Not to mention whenever those colorful assortments of buyers were given the occasional tour of our hilltop facility and witness to our androne modesty, I’m sure that it was one of our main selling points. And like our surrogates, there was such a variety of them. Especially on the first week of each New Year, when large groups would visit us, I was fascinated to witness so many different flavors of people.

The first buyers that I ever saw, however, were the dark government suits that inspected us at each year end semester. I couldn’t help but notice the intensity of their stares. No one else had ever looked at us that way, not even the doctors obsessed with our health and unblemished looks – not the administration whom seemed so concerned about the effectiveness  of our training – not even our guardians whom showered us with words of love and firm encouragement. No one else ever stared at us the way the dark suits did.

Now that I’m out of the academy, I’ve seen the movies and the mothers, as flawed as they’re portrayed, were still so warm and passionate. Repeatedly I’ve seen the natural-born mothers hover over their children – so protective and sincere in their caring. Our surrogates were under so much pressure to ensure that we learned and adhered to our programming. There was always something insincere about their handling of us – something staged.

Sometimes it seemed like the most caring surrogates were the ones let go. The academy paid for results. They were not paid to grow attached to us. When one was let go – the others seemed to stiffen up – to grow more distant. I never fully realized the significance of this until after I graduated from the academy. I thought it was normal for anyone not to have a mother and father. I could tell that our surrogates wanted to be paternal in the way they would try to help us individually, but sometimes they seemed so exasperated in their inability to tell us apart – especially when not wearing our labeled suits. And when we failed any of our telemetric testing, I could sometimes see beyond the disappointment. I could see that they also had a fear of failing their job.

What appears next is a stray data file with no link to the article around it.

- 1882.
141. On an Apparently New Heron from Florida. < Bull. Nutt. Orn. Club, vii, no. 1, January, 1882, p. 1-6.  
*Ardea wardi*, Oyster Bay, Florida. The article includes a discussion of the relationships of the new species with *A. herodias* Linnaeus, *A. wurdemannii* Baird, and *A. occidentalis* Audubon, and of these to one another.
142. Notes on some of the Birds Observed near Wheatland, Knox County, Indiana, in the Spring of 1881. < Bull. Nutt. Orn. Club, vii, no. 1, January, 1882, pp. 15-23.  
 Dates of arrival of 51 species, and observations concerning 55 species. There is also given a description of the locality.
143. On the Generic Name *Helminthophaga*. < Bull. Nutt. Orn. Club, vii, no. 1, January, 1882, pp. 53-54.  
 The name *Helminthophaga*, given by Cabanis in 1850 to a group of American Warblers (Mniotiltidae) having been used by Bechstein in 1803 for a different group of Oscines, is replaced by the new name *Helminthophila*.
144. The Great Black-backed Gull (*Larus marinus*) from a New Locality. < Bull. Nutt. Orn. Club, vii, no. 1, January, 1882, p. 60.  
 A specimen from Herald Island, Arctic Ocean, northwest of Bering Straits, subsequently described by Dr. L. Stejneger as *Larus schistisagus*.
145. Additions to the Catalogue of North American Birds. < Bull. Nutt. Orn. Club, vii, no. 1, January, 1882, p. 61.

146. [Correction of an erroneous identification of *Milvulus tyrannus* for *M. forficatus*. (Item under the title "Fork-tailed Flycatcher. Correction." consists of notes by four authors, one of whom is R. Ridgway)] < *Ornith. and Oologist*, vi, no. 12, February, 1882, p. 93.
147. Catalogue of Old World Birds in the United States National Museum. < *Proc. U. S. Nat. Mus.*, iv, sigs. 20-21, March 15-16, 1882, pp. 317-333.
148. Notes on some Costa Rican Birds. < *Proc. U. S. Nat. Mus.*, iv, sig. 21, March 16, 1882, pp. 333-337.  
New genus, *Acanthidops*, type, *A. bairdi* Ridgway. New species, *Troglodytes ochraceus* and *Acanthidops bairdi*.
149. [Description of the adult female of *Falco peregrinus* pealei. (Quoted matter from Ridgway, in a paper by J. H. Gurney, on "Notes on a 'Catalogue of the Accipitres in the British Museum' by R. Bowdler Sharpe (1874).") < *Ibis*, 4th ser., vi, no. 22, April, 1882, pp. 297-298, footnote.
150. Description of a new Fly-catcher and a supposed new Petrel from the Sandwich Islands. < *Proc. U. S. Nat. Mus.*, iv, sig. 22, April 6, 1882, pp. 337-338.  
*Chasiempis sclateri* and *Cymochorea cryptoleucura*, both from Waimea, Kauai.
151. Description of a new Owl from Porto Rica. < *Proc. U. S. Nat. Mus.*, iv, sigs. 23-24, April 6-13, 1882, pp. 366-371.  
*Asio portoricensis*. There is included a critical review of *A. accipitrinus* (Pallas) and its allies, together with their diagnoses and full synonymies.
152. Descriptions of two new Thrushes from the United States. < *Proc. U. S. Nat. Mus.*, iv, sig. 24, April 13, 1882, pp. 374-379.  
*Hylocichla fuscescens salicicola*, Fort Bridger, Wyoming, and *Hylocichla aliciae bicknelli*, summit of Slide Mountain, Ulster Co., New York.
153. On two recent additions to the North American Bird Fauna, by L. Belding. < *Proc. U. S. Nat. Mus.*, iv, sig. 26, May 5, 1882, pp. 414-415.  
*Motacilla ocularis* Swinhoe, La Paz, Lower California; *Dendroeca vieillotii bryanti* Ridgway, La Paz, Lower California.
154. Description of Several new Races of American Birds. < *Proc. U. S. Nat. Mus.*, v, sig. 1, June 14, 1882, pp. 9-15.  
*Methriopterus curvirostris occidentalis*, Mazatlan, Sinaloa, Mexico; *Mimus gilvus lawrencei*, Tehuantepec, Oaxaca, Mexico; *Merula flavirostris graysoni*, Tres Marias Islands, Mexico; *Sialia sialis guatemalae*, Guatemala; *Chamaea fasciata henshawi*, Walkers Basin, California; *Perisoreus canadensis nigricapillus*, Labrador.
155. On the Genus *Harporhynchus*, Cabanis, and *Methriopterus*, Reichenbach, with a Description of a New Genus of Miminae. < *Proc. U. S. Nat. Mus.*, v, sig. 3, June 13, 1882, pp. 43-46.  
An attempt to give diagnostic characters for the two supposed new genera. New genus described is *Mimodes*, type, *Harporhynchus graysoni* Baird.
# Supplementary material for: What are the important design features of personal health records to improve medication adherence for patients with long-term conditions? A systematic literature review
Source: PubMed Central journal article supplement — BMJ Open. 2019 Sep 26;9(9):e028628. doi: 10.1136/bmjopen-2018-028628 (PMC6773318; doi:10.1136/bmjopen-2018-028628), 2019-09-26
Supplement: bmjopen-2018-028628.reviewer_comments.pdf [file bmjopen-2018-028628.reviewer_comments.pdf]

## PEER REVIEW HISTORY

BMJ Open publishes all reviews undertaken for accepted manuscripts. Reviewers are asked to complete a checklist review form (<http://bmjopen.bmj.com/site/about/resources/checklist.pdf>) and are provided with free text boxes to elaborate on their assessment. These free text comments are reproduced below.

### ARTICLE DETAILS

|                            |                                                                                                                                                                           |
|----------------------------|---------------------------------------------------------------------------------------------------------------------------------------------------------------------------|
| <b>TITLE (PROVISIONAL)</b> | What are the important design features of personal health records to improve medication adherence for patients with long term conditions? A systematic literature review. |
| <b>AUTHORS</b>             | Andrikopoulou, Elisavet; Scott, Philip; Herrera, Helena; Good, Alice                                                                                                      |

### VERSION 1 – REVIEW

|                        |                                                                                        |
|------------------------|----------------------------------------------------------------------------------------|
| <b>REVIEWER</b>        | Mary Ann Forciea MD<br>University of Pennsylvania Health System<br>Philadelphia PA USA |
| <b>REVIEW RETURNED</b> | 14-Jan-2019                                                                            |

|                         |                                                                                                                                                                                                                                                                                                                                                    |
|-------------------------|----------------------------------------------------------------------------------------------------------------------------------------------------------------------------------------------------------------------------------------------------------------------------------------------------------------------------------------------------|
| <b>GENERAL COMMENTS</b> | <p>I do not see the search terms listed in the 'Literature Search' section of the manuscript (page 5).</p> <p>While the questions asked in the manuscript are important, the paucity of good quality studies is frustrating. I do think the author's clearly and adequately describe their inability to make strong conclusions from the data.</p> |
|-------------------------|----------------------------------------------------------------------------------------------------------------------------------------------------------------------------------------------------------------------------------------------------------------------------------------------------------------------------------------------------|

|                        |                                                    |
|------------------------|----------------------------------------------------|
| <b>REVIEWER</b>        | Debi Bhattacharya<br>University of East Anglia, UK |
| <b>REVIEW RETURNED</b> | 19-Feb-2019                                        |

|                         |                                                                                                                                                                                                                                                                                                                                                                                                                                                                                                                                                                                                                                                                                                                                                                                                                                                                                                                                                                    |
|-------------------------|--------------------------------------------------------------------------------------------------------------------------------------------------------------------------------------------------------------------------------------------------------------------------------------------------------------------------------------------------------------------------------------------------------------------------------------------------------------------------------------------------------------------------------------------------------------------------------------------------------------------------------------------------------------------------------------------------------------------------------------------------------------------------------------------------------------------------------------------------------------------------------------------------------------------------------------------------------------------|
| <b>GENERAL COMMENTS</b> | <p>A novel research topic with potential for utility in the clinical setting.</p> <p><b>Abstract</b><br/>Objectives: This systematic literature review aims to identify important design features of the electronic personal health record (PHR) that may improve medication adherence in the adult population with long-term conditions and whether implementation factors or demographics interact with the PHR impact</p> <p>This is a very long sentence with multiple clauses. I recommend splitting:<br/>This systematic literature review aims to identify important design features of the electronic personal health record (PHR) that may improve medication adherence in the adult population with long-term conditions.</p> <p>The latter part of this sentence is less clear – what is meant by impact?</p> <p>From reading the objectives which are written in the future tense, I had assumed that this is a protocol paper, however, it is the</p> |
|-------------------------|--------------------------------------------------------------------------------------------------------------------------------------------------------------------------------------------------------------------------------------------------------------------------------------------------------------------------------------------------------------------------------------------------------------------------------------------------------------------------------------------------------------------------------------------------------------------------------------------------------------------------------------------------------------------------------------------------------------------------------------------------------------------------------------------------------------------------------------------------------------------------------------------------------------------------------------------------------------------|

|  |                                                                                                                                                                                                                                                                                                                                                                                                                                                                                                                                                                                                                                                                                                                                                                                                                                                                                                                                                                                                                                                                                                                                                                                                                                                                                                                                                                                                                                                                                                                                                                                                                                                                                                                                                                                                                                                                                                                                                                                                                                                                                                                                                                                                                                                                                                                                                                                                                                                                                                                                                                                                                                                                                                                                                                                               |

So as you might imagine, our lab-coated surrogates couldn’t help but loath Shay. Although I didn’t realize how little they thought of him until one Monday morning, I overheard two surrogates talking in the hallway.

“Shay will undermine your authority the first chance that he gets, and so what I do is send him on an errand the first day of class.”

As they passed by me in the white fluorescent hallway, I remember feeling guilty at hearing what I thought I wasn’t supposed to be hearing. They didn’t notice me. They were so engrossed in their physical conversation.

As I grew older, our surrogates seemed to notice us less and less as they became more and more accustomed to each new passing generation. All except for one – a freckled surrogate named Gail Irvine. Compared to most of the other surrogates she was a newcomer and she was the only surrogate that giggled aloud at Shay’s jokes.

It became evident later on that, it was she above all others, he was trying to amuse. In the frigid florescent vibrations of those white cinder-block classrooms, where we spent the first twenty years of our lives, her charmed attention was not meant for Shay alone. Her gracious and giggling affection, as unexpected as it was, was meant to garner the warmth of all the bald, albino and genderless andrones that crowded her bright and smiling classroom every day. Nevertheless, the attention that he pulled from her took our envy with it. Her laughter, combined with her flaming red hair, shook our dreary and data clogged minds free of the machines with every digression from the lesson plan. Shay’s spastic energy is what carried us to and from every one of those glowing fluorescent filled classrooms. And for what seemed like a long time, they were a team.

As I stated before though, not everyone was in love with Shay, or his merciful diversions. The natural-born people that we occasionally met on the street, whose smugness we couldn’t help but stare at, whose misshapen children often referred to us as “egg-heads” and “hue-machines,” contemptuously referred to him as “half-bred.” The natural-born feared him because he almost looked like one of them. It didn’t help that he shunned the academy uniforms for the latest style in vinyl clothing. Whenever he could get away with it he always donned the shiny neon colored plastic chic that every fourteen year old adored. But Shay loved the attention, good or bad, and pranced about wearing all of that attention as if it were a warm fuzzy coat full of energy. Whatever perceptions andrones had concerning the debilitating consequences of fearful prejudice, the ridicule somehow appeared to be filling Shay with vigor. Looked upon as proof of a technology going awry, Telemachus Shay – the personification of our desire to be accepted, the aversion, the one we looked upon to represent us – was the absolute portrayal of immaturity without the slightest hint of responsibility.